Home Blog “Saddle up:” SHM 2010

“Saddle up:” SHM 2010

April 2010

After last year’s SHM meeting, I wrote a blog titled “Something is going to happen” to describe the prevailing sentiment about looming health care reform. While that forecast was ultimately correct, I doubt anyone could have predicted just how close it was to being wrong, let alone how absurdly the process would play out. What follows are some random thoughts about this year’s conference, which perhaps should more aptly be thematically entitled, “Oh s**t, it happened!”

At this year’s conference in Maryland, I found two ribbons waiting for me at registration. The first: “More than 100 years as a member of SHM.” Wait, refocus and reach for the bifocals: “More than 10 years.” Still shocking.

Second, “Senior Fellow in Hospitalist Medicine.” Here is some advice for SHM leadership: Don’t remind us that we are getting old. “Master Fellow in Hospitalist Medicine,” great name; “Senior” anything, not so much. I would have gone with “Awesome Fellow in Hospitalist Medicine.” I need the “cred” with my son.

One of the most interesting parts of the conference was the roundtable discussion on health care reform that included Ron Greeno from Cogent and Leslie Norwalk, a former CMS administrator who’s now on the board of Sound Physicians. I believe Dr. Greeno nailed it with his comments about how hospitals and hospitalists will be “colluding” in the future.

I took this to mean that reform may finally financially align physicians–hospitalists, in particular–with hospitals’ goal of improving the efficiency and safety of patient care. Dr. Greeno’s comments that we need to “saddle up” in this new health care reality were also dead on. Perhaps most entertaining was the Austin Powers “tell” he displayed when criticizing the lack of tort reform and those that would have us believe that defensive medicine adds only $50 billion every 10 years to health care costs.

If you’ve ever wondered if hospital medicine is a distinct specialty, you can put that question to rest, at least ideologically. When the audience was asked during the roundtable if they supported health care reform, the vast majority of hands went up among the 2,500 hospitalists attending. Same question at a primary care conference? My guess: 50/50 audience mix. Now try a cognitive specialty conference like ID or neurology; no doubt, a chorus of boos. And if you really have guts, try it at a procedural-based specialty conference. The proverbial tomato would likely be the nicest thing sent hurling towards the stage.

Back to Ms. Norwalk. She mentioned, among many good points, that much of reform’s success will revolve around the “money.” A generalization of course, but I could not agree more, especially given my experience as a health care administrator.

That’s why I was surprised when Paul Levy, the Beth Israel Deaconess CEO who gave the opening address immediately after, said he couldn’t agree less.

Overall, he gave a great talk, but he may have bent three rules of engagement. The first: Don’t challenge someone who’s left the stage and can no longer offer a rebuttal. Second, he broke my mother’s rule of, “Be Nice” which I found evident in his repeated dismissal of Ms. Norwalk’s contention that money drives physician behavior. And finally, don’t be wrong. Any CEO who tells you that doctors act solely based on the Hippocratic Oath is either being disingenuous or uninformed. Money doesn’t drive all decisions in a vacuum, but you can’t possibly believe that physicians are special people who don’t worry about their children’s tuition payments and the like.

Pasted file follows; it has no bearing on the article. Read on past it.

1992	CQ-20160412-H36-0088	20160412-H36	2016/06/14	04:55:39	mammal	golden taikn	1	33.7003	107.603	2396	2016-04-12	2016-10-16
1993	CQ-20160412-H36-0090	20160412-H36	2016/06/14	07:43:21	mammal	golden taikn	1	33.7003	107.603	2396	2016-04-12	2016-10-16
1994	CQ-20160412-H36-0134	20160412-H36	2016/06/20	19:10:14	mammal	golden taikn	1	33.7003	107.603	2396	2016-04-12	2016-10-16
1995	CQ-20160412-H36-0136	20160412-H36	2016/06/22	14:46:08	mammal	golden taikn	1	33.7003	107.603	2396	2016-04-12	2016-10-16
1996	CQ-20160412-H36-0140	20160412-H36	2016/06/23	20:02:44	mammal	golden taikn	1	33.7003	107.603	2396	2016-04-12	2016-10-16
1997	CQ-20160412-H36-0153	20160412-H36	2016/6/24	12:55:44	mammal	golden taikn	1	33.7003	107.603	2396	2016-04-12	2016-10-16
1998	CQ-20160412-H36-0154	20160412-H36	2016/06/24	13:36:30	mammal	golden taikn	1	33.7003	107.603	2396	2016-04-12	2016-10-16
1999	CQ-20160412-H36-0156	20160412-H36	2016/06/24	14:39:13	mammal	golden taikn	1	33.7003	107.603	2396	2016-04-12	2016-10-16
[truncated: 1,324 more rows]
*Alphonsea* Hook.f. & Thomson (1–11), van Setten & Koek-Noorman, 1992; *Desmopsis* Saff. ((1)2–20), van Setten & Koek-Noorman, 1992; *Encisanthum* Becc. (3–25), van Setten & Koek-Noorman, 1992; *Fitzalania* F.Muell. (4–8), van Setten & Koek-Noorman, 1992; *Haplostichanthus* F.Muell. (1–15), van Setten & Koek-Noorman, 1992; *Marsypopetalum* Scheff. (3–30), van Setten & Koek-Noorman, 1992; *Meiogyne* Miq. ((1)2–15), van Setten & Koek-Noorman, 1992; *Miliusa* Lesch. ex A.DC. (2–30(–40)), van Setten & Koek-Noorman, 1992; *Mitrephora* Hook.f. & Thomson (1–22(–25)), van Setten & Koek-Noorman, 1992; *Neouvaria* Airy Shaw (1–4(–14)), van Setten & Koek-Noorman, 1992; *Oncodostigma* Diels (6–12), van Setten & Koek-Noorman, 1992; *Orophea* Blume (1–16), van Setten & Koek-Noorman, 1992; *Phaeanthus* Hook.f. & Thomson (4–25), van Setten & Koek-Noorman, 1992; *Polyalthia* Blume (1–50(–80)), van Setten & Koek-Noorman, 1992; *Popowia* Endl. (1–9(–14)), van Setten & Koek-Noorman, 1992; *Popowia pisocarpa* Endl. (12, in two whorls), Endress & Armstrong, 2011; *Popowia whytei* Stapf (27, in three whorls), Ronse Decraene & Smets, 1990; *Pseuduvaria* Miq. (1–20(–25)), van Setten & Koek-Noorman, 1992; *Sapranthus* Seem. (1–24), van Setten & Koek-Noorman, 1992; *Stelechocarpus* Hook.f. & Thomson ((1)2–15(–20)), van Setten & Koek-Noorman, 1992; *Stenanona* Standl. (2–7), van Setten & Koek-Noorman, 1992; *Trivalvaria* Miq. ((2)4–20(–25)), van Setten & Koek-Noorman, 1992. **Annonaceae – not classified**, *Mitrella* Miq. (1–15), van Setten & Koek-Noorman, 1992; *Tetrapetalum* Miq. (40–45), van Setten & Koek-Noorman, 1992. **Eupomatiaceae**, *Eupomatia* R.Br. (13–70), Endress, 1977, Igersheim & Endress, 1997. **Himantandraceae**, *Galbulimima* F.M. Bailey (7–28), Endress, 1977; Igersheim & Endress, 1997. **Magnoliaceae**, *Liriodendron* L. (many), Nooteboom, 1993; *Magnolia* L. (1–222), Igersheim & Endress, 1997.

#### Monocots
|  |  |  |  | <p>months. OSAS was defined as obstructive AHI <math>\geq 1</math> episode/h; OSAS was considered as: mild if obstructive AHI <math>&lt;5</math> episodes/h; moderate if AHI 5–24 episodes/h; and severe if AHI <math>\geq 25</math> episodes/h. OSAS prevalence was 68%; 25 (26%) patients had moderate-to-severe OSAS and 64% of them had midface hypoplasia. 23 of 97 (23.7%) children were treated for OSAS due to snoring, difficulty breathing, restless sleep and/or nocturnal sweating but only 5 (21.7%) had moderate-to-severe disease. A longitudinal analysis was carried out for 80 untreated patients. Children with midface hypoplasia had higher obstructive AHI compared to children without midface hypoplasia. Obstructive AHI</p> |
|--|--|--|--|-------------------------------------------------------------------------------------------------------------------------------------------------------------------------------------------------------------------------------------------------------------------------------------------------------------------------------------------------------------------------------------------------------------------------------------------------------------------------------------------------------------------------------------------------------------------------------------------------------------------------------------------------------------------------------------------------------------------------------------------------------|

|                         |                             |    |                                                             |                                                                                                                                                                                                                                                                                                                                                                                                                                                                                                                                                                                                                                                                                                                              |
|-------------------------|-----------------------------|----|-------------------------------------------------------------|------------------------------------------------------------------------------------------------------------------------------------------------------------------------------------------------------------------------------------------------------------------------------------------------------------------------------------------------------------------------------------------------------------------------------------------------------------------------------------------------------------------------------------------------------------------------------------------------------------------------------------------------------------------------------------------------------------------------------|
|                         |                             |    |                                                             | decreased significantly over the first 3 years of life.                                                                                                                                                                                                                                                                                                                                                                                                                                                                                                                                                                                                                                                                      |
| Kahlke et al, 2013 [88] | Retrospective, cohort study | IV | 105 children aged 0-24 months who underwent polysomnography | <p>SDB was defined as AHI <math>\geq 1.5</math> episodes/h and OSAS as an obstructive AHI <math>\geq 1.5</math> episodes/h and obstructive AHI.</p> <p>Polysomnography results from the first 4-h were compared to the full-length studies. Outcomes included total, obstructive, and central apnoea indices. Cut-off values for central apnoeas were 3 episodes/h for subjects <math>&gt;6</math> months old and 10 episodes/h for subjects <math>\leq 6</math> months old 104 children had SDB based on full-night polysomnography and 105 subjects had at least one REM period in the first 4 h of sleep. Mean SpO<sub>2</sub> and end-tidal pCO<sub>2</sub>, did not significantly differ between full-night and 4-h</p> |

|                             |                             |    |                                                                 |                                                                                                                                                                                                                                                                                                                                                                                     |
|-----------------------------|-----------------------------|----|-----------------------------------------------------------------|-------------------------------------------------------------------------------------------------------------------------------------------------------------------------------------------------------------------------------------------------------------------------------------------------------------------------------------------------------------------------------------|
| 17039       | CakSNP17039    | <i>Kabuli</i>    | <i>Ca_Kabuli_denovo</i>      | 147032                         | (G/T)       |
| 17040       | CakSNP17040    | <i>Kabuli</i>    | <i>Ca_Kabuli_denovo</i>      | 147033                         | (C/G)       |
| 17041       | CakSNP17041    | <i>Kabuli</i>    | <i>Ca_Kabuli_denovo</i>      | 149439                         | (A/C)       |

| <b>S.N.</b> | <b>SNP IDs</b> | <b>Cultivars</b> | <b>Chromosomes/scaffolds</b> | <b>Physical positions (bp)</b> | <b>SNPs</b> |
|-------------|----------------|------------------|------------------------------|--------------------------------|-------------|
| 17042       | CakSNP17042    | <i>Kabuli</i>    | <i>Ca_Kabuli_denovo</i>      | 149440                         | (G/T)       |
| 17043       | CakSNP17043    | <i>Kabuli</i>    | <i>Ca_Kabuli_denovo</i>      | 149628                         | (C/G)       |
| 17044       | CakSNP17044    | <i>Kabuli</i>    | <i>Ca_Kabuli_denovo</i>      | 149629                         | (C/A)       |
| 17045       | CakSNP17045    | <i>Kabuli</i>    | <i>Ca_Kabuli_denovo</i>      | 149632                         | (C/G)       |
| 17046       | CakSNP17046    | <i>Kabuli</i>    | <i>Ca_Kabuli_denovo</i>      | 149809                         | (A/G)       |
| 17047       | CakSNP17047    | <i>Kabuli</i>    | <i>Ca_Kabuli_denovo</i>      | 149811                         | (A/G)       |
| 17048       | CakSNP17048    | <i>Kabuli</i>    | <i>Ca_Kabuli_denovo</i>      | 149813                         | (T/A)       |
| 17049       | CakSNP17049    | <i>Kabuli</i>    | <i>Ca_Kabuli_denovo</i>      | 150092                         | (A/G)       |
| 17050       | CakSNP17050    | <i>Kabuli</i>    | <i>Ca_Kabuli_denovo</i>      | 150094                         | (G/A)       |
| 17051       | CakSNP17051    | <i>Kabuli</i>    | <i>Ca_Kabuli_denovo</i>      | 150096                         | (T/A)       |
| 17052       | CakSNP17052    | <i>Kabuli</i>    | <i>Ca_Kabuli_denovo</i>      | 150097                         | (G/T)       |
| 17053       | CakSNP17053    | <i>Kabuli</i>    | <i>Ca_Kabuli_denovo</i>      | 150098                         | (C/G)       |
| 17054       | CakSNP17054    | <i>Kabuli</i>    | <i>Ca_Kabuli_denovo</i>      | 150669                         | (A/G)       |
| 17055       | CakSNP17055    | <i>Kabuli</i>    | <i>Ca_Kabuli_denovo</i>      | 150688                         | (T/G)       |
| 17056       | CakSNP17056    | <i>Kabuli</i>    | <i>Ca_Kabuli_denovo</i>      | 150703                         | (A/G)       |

Did I just break my own rule, be nice? Well, to state the obvious, he has a much more important, better written and widely read blog that has helped transform health care transparency. All for the betterment of patient care. However, maybe he should use his blog to further clarify his opposition to Ms. Norwalk’s reasoned assumption.

The rest of the conference was fantastic as well. For the most part, the lectures were not only informative but dynamic, which is crucial if I am to create new connections among my aging neurons.

And half the fun of the conference is catching up with so many great colleagues. Too much fun in fact. Let me just say, thank goodness for the E in the CAGE screening test for alcohol abuse. Many late night conversations would have lead to my subsequent failure of said test were it not for the fact that I have avoided reaching for an eye opener the next morning.

Finally, back to Dr. Greeno’s comments on tort reform. I had the great misfortune of missing Dr. Wachter’s closing talk–which, no doubt, was another masterpiece–for the first time in almost 10 years. Why? I had to catch a flight for a deposition involving a case that’s more than five years old. I am no longer named in that suit but I am working gratis to defend my former hospital system. I shouldn’t say more, and I won’t, but many of my thoughts about litigation are found here.

As a postscript: Thank you to the many people who commented on how much they enjoy my writing (and to those who refrained from saying how much they dislike it). Writing about hospital medicine has been almost as much fun as doing hospital medicine, so I am pleased that some people, on occasion, actually tolerate reading what I write.